I read a lot. Design related books allow you to learn from the greatest minds.


By day I work in an open plan office with account managers and developers. My day can vary, but 90% of the time I’m sat working on a 24” iMac, and hop between tasks. Account managers drive the projects, so I tend to have a list of priorities and can be juggling several projects at once to keep things on track. I’m often in project meetings, sales meetings, or meetings with developers! It’s a busy role.

In my personal time I tend to take on limited projects meaning I can focus on creating something truly great. I do have an office with desk with an iMac, however as I also have a laptop my location varies from the kitchen table, to the sofa or the floor – anywhere I feel comfortable. I do a lot of sketchbook work, which I typically do sat on the sofa with a few inspiration books surrounding me. I tend to use my desk and iMac when I need to focus, typically for final artwork as the screen is larger and better suited for the task.


I love that I am creating. Things I design are here because I made them. I love that I can make things a reality, be it something from my own imagination or from someone else.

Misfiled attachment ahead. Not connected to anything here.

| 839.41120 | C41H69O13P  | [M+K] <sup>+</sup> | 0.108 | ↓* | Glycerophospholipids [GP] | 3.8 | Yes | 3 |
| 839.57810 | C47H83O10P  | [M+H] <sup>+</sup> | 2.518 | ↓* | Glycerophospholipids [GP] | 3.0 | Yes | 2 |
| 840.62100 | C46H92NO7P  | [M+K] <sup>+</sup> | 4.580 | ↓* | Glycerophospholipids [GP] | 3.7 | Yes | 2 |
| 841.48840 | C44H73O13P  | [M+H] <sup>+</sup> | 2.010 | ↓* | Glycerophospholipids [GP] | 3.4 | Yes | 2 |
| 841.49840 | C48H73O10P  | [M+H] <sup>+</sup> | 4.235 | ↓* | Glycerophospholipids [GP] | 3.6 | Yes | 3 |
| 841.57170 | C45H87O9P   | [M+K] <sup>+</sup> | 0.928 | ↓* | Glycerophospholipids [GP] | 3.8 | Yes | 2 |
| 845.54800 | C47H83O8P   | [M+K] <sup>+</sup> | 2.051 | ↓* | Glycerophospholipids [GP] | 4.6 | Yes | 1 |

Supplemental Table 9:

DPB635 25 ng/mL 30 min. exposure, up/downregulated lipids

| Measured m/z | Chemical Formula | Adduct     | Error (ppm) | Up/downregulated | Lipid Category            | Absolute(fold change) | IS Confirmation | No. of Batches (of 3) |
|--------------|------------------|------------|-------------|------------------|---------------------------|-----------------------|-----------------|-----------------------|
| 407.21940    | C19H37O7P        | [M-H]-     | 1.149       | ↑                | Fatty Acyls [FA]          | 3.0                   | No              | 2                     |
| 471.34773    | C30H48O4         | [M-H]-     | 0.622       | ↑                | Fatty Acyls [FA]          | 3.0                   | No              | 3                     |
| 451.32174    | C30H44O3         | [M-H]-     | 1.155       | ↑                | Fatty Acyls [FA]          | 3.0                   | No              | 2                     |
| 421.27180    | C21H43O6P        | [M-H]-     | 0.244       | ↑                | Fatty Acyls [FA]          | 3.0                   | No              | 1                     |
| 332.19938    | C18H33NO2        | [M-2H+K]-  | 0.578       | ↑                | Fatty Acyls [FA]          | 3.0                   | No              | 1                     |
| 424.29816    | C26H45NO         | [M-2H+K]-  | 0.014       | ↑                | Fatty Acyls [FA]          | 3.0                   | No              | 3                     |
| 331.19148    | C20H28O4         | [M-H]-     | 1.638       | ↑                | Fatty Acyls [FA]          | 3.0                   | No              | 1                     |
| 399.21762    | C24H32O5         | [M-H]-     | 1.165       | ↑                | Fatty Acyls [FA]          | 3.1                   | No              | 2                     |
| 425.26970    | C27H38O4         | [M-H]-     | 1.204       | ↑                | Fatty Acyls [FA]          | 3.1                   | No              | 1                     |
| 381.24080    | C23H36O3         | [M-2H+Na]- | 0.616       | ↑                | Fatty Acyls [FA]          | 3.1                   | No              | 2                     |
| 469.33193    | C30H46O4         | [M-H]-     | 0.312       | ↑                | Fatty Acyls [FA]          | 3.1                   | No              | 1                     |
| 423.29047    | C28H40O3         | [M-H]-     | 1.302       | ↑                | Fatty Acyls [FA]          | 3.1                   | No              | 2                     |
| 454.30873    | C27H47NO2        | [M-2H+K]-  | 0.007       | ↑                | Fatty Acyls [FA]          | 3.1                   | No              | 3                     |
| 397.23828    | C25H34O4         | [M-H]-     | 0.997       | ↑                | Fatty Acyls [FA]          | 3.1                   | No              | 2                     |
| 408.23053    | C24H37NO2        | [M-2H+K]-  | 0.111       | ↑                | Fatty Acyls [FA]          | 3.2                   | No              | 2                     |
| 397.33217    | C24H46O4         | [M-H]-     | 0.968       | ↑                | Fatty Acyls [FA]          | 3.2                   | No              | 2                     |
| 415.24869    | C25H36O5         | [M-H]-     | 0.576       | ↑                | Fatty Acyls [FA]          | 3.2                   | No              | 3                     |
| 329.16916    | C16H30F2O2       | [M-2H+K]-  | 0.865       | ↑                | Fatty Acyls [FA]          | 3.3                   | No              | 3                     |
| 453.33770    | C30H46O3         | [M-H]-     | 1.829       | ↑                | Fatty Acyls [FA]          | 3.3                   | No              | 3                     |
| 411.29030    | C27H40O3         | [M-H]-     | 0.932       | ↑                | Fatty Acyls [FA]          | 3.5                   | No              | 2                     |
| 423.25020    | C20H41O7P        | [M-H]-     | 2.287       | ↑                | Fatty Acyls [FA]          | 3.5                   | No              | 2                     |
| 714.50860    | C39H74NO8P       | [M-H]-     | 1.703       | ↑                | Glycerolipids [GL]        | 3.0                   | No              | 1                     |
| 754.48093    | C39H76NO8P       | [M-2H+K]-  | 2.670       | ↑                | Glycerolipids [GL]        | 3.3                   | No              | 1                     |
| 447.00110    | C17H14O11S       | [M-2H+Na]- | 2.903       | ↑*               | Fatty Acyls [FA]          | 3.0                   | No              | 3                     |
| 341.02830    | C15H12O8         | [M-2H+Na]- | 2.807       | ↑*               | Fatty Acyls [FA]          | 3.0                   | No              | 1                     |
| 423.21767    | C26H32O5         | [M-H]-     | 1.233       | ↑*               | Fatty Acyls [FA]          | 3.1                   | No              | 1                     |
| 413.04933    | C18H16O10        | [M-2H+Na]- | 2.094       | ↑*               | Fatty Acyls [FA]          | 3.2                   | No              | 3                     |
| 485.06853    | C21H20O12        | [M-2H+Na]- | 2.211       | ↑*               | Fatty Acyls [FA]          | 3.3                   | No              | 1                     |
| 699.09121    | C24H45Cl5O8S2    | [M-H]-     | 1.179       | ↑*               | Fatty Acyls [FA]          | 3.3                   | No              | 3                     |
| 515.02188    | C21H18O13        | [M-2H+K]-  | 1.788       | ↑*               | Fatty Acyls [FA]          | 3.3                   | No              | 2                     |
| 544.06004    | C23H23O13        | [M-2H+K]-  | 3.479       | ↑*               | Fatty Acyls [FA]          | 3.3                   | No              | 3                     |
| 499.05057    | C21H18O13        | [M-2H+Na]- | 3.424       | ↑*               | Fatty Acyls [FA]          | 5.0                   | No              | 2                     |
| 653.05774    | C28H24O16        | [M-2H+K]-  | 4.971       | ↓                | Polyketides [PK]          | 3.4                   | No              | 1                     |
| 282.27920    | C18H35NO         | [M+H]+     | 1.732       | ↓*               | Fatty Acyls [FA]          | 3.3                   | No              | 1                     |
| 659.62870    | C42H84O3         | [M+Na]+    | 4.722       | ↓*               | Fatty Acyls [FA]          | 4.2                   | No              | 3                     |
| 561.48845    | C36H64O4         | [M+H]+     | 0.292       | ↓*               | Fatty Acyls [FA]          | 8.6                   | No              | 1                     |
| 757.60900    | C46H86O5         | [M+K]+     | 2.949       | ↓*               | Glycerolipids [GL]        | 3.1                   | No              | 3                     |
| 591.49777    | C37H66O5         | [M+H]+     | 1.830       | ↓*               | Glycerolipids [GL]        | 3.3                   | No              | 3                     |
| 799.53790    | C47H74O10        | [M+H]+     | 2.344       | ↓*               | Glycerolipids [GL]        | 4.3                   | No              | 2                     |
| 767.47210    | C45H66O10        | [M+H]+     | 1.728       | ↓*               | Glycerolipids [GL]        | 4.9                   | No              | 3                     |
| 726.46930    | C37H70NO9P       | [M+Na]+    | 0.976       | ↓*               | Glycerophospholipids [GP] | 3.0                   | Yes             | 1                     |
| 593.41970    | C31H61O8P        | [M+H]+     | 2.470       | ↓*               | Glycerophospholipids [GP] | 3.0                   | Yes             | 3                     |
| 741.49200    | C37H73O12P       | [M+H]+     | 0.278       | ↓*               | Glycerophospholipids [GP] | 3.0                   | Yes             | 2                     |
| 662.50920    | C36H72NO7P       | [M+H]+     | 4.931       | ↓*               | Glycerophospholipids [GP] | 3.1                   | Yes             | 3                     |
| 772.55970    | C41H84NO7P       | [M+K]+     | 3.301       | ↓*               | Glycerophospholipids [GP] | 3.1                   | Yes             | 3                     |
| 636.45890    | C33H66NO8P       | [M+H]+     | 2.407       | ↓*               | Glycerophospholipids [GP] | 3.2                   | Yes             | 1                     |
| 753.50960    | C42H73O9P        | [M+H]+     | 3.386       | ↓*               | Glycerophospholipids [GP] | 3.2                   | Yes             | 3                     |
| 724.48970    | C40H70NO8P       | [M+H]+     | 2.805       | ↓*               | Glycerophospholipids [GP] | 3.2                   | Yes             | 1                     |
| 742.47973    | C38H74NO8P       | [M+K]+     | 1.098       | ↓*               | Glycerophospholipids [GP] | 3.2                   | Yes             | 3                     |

I also love it when I do good work that meets its goals, and even better when I’m able to convince the client too. That’s very rewarding. Design is tough, so doing great work that performs and pleases makes it worth the effort.


My real passion is branding, so I would like to continue to focus on identity design, either within an agency or as a freelance designer. Logo Geek has really helped drive my passion forward over the past few years, so this will remain a key component of my future goals. I want to work with good clients, and help them succeed and reach their goals. I’d also like to see my work being featured and discussed on design sites… it would be cool to cause the usual uproar that comes from logo designs in the public domain!

Through my social media work I’ve found it very rewarding helping, advising and inspiring other designers, so aside from design I would also like to continue being a curator of the latest logo/branding design news, with a goal of building up the best collection of free resources. I find it exciting knowing what’s going on in the industry, and I’d like to continue to share that knowledge with other logo geeks like me!

I want to publish a logo design book too… which I have already started. Watch this space!

Learn more about Ian on his website.